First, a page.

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Film about American atomic bomb victims leaves festival audience spent, by Steve Gilbert

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As the credits rolled in the darkened theater and music from the score faded into silence, quiet sobs from the audience became audible.

If films are supposed to inspire, uplift and stimulate, it didn’t take long for the Monadnock International Film Festival to make its mark. “Paper Lanterns,” an hour-long film shown Friday at The Colonial Theatre in Keene, left the morning matinee gathering of about 100 emotionally moved on many levels.

Tracy Messer of Hancock, fresh off his own performance playing President Calvin Coolidge Wednesday at the Historical Society of Cheshire County’s annual meeting, told director Barry Frechette during a question-and-answer session that it was the most powerful film he’s ever seen.

“Paper Lanterns” is a documentary about a Japanese man’s 40-year odyssey to track down information about 12 American prisoners of war who died as a result of the atomic bombing of Hiroshima by the United States on Aug. 6, 1945. Ten died in the initial blast; POWs Ralph Neal and Normand Brissette survived by diving into a cesspool, only to succumb to radiation poisoning less than two weeks later.

Shigeaki Mori, referred to as Mr. Mori throughout the film in a nod of respect, was 8 years old when his city was destroyed and about 150,000 people were killed. He explains that he’s been driven for decades to find out more about the 12 Americans whose deaths have gone virtually unnoticed.

His compassion for them is the running theme — how one man cares so much even though those men fought for the country that unleashed the devastation.

Now 80, Mr. Mori ultimately meets the nephew and niece of Neal and Brissette, who was from Lowell, Mass. The film follows Ralph Neal of Kentucky, named after his uncle with the same name, and Susan Archinski of Dracut, Mass., as Mr. Mori retraces their uncles’ final days in the war.

Neal, a preacher who works the third shift at Walmart, and Archinski were strangers until Mr. Mori’s research and Frechette’s film united them through their uncles.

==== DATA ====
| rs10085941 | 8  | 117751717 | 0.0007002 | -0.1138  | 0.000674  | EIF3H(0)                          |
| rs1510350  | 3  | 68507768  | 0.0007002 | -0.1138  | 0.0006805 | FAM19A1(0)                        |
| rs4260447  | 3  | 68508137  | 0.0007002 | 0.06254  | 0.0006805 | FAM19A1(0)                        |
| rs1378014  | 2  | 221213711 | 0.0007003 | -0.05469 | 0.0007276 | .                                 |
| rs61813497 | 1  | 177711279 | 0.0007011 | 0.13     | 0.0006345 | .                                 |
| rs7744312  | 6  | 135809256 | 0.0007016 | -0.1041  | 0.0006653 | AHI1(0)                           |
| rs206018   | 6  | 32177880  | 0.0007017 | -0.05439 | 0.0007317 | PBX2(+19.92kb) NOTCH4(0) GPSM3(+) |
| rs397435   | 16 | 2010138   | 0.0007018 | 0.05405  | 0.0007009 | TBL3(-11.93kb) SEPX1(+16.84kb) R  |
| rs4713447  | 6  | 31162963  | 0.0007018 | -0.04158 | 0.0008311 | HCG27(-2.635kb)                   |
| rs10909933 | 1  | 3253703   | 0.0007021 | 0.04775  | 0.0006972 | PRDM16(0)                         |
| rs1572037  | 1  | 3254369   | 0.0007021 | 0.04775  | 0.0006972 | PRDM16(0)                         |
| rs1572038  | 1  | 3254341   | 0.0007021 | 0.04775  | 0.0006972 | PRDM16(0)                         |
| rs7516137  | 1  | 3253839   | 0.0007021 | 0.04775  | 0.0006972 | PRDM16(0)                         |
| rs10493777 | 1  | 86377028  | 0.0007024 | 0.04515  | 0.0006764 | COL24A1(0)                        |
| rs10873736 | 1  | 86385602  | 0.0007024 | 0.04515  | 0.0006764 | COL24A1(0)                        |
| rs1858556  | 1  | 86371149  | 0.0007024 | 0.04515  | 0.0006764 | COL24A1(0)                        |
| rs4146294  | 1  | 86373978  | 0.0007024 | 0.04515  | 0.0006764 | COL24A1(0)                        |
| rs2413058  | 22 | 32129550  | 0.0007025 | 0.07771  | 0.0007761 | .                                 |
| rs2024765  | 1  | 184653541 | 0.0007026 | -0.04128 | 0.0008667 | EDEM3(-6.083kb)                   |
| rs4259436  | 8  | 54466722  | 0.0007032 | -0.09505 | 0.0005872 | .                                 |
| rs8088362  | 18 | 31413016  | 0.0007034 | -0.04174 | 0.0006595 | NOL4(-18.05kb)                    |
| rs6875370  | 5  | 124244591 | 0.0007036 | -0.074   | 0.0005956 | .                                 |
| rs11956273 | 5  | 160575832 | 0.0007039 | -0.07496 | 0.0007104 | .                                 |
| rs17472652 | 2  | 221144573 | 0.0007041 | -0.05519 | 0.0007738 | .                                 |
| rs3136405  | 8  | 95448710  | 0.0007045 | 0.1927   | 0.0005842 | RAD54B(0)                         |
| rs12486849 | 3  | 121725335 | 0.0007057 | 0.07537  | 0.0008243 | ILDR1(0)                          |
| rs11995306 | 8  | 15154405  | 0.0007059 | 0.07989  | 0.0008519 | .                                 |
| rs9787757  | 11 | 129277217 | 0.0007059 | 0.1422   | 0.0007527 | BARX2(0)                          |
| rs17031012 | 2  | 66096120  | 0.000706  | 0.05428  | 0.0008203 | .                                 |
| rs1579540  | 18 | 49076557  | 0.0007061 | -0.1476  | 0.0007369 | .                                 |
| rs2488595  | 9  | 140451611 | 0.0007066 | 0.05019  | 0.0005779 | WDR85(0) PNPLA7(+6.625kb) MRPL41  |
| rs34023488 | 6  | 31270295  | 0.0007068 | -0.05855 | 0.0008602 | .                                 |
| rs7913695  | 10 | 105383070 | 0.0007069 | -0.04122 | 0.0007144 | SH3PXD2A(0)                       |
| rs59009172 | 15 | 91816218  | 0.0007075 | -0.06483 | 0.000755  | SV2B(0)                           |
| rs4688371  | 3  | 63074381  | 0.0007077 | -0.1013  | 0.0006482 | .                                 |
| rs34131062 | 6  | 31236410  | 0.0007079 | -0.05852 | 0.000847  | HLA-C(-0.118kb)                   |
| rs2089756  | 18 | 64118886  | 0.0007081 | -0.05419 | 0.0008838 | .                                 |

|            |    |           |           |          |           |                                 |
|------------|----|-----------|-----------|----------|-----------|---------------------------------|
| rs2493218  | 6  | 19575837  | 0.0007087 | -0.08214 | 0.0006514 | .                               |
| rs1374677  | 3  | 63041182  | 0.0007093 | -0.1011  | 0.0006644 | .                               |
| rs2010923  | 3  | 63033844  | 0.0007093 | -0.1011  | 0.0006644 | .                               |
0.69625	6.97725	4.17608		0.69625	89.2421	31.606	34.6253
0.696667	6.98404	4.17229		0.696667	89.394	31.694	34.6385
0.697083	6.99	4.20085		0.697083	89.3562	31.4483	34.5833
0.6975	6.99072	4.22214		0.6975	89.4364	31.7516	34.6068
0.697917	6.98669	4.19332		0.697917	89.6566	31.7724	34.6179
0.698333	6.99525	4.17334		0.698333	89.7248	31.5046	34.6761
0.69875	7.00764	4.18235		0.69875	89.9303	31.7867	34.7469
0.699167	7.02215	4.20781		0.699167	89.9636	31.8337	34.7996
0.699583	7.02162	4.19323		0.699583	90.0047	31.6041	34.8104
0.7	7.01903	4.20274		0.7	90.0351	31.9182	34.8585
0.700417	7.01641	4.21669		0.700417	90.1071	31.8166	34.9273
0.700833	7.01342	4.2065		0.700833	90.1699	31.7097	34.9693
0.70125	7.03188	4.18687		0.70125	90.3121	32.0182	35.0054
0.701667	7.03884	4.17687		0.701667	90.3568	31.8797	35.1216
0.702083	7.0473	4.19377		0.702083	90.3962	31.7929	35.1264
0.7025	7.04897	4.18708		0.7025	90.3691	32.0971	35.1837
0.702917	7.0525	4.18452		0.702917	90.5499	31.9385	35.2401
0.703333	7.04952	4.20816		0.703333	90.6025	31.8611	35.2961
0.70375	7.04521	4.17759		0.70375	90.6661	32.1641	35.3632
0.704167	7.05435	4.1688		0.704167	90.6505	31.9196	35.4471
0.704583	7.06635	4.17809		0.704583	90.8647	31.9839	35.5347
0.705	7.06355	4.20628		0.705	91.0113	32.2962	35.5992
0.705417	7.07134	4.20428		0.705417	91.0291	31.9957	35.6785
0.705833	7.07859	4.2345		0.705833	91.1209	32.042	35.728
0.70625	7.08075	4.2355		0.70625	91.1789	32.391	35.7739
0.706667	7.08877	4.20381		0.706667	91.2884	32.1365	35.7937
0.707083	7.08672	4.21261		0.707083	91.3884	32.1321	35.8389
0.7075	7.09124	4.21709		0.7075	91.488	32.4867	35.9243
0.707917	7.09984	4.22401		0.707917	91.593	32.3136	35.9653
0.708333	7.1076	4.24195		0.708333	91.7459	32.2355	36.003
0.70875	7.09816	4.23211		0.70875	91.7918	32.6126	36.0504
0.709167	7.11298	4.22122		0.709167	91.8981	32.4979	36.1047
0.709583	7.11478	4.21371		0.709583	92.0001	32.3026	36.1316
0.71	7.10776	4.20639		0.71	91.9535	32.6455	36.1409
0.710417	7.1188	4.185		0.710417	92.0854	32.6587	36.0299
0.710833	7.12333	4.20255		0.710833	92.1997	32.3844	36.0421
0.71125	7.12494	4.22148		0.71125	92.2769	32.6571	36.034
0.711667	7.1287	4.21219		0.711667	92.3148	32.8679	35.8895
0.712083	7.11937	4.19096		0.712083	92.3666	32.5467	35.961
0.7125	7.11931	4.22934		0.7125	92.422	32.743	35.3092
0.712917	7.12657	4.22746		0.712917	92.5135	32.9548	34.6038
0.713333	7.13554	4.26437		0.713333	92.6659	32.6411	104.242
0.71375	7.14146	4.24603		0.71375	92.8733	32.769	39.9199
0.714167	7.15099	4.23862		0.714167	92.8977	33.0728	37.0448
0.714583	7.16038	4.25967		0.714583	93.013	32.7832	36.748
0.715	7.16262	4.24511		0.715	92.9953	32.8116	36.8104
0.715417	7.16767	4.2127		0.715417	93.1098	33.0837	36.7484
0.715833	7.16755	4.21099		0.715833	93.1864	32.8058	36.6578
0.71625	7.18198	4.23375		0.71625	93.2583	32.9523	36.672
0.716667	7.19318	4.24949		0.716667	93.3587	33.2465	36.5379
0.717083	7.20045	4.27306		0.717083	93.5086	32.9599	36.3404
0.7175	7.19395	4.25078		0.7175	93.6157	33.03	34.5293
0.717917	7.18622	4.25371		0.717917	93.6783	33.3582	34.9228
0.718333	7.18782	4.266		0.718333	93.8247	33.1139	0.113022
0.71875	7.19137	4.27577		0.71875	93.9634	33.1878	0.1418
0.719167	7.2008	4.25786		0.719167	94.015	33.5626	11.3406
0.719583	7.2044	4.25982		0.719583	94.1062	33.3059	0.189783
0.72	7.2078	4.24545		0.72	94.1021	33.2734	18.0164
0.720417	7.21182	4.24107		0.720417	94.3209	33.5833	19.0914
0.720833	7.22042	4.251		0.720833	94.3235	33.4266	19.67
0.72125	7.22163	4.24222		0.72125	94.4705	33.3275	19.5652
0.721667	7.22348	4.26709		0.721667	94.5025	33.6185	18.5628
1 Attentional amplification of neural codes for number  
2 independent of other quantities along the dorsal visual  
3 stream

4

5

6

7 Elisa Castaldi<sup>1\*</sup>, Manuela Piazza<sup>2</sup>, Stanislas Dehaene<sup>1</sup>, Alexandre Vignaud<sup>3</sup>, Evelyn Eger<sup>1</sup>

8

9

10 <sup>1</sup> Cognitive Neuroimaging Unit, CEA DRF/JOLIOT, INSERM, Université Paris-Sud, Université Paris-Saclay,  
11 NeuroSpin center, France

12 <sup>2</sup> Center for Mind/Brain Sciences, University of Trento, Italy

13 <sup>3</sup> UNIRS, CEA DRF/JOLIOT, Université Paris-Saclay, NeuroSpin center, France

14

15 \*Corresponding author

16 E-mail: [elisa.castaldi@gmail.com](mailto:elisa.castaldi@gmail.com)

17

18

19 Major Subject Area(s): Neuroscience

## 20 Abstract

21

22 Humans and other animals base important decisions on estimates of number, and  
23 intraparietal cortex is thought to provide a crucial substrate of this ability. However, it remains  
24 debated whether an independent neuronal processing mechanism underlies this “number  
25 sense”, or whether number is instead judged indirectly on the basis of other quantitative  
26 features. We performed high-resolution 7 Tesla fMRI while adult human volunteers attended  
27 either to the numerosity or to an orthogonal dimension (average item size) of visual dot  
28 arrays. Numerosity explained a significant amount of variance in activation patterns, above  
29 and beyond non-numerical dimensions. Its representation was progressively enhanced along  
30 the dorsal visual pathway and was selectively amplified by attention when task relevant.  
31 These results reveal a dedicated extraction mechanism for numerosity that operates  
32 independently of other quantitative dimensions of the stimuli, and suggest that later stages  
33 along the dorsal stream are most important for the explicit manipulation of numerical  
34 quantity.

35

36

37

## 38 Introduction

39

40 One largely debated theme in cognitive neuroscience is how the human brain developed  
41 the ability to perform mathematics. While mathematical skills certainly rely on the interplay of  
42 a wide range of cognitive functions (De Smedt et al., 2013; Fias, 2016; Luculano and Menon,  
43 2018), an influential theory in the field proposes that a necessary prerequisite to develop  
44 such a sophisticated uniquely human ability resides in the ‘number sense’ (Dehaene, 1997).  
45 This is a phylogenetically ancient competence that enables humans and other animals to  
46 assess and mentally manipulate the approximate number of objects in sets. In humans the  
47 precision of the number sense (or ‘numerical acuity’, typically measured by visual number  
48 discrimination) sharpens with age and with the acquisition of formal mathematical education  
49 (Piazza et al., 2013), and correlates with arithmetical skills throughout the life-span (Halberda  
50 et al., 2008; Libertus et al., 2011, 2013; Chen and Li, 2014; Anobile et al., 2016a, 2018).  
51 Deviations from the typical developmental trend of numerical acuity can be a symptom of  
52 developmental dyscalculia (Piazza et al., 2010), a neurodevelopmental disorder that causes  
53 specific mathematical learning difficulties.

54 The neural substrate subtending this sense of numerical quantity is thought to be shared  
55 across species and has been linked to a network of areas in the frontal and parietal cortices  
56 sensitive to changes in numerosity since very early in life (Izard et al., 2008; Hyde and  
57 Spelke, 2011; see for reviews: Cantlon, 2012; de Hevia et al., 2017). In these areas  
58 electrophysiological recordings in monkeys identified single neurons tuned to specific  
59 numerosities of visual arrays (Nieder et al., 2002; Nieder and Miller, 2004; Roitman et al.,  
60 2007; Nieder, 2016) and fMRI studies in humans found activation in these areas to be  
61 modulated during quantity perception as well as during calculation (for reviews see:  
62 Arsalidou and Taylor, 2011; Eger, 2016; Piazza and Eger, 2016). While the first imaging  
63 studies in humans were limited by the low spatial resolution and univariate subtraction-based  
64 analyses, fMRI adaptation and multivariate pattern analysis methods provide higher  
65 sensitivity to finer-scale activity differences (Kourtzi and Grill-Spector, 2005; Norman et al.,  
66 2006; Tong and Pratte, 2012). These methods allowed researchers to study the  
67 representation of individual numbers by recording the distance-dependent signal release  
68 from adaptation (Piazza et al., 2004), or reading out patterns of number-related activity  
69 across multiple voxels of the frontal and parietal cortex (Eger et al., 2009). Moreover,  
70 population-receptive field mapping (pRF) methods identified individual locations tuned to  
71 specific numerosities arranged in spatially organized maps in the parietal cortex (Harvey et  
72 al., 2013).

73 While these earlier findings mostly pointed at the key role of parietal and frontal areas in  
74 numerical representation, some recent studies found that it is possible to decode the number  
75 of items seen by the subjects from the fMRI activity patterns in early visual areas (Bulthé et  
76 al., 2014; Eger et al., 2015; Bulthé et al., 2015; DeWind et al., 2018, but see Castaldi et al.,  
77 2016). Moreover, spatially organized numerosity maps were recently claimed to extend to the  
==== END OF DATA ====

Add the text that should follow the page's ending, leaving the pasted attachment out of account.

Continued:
The scenes are full of emotion, and interviews with other survivors of the Hiroshima bombing add to the film’s layers. The U.S. didn’t even know that POWs were in Hiroshima when it dropped the bomb. The men were listed as missing in action after having parachuted into the area out of a stricken plane. All these details were dug up by Mr. Mori in his tireless research.

The film doesn’t linger on the day of the bombing itself. A handful of graphic black-and-white scenes of victims and photos of Hiroshima’s devastated landscape are powerful enough to depict the horror.

The penultimate scene shows Neal and Archinski releasing paper lanterns with messages to their uncles into the Motoyasu River. Their release is an annual tradition in the Hiroshima Peace Memorial Ceremony held every Aug. 6, with as many as 10,000 lighted lanterns floating on water in the dark.

“It’ll be a small miracle if I don’t cry on stage here,” said Keene State College film professor Jo Dery, who introduced the film.

Frechette, the director, sat in the back of the theater Friday morning so he could gauge the audience’s reactions.

He has worked in the production and TV advertising industries, but this was his first film. Part of his motivation for making it was personal — his great uncle Eddie Chandonnet was Brissette’s best friend growing up prior to World War II. He was continually drawn to a family album about his uncle.

“I couldn’t let it go that that 19-year-old young man was in Hiroshima two years later,” Frechette said. And Mr. Mori was the common thread that kept coming up in his own initial Google research.

Word that the film was being made circulated quickly in Japan. Frechette and his crew were followed by a Japanese film crew that made a documentary of him making a documentary. “I think there’s much more interest in Japan than I think here,” he said of the story.

The film was originally supposed to end with Neal and Archinski’s floating paper lanterns. But on May 27, 2016, Barack Obama became the first sitting U.S. president to visit Hiroshima since the bombing. With a strong push from then-Ambassador to Japan Caroline Kennedy, Mr. Mori sat in the front row for the formal ceremony.

The two men embraced, with Obama paying tribute to “the man who sought out families of Americans killed here because he believed their loss was equal to his own.”

Frechette fears these stories will soon be lost to time, that succeeding generations are losing touch. And ominously, 72 years after the bombings of Hiroshima and Nagaski, nuclear war rhetoric is rattling noisily around the world. Frechette says he thinks about it every day.

“And that’s just a small one,” he said of the atomic bombs dropped on Japan, compared to the nuclear arsenals of today. “It’s frightening. I don’t want somebody in 70 years to have to do this again.”

The Monadnock International Film Festival, which kicked off Thursday night, continues today through Sunday afternoon, with a full roster of film screenings, panel discussions and parties. Information:

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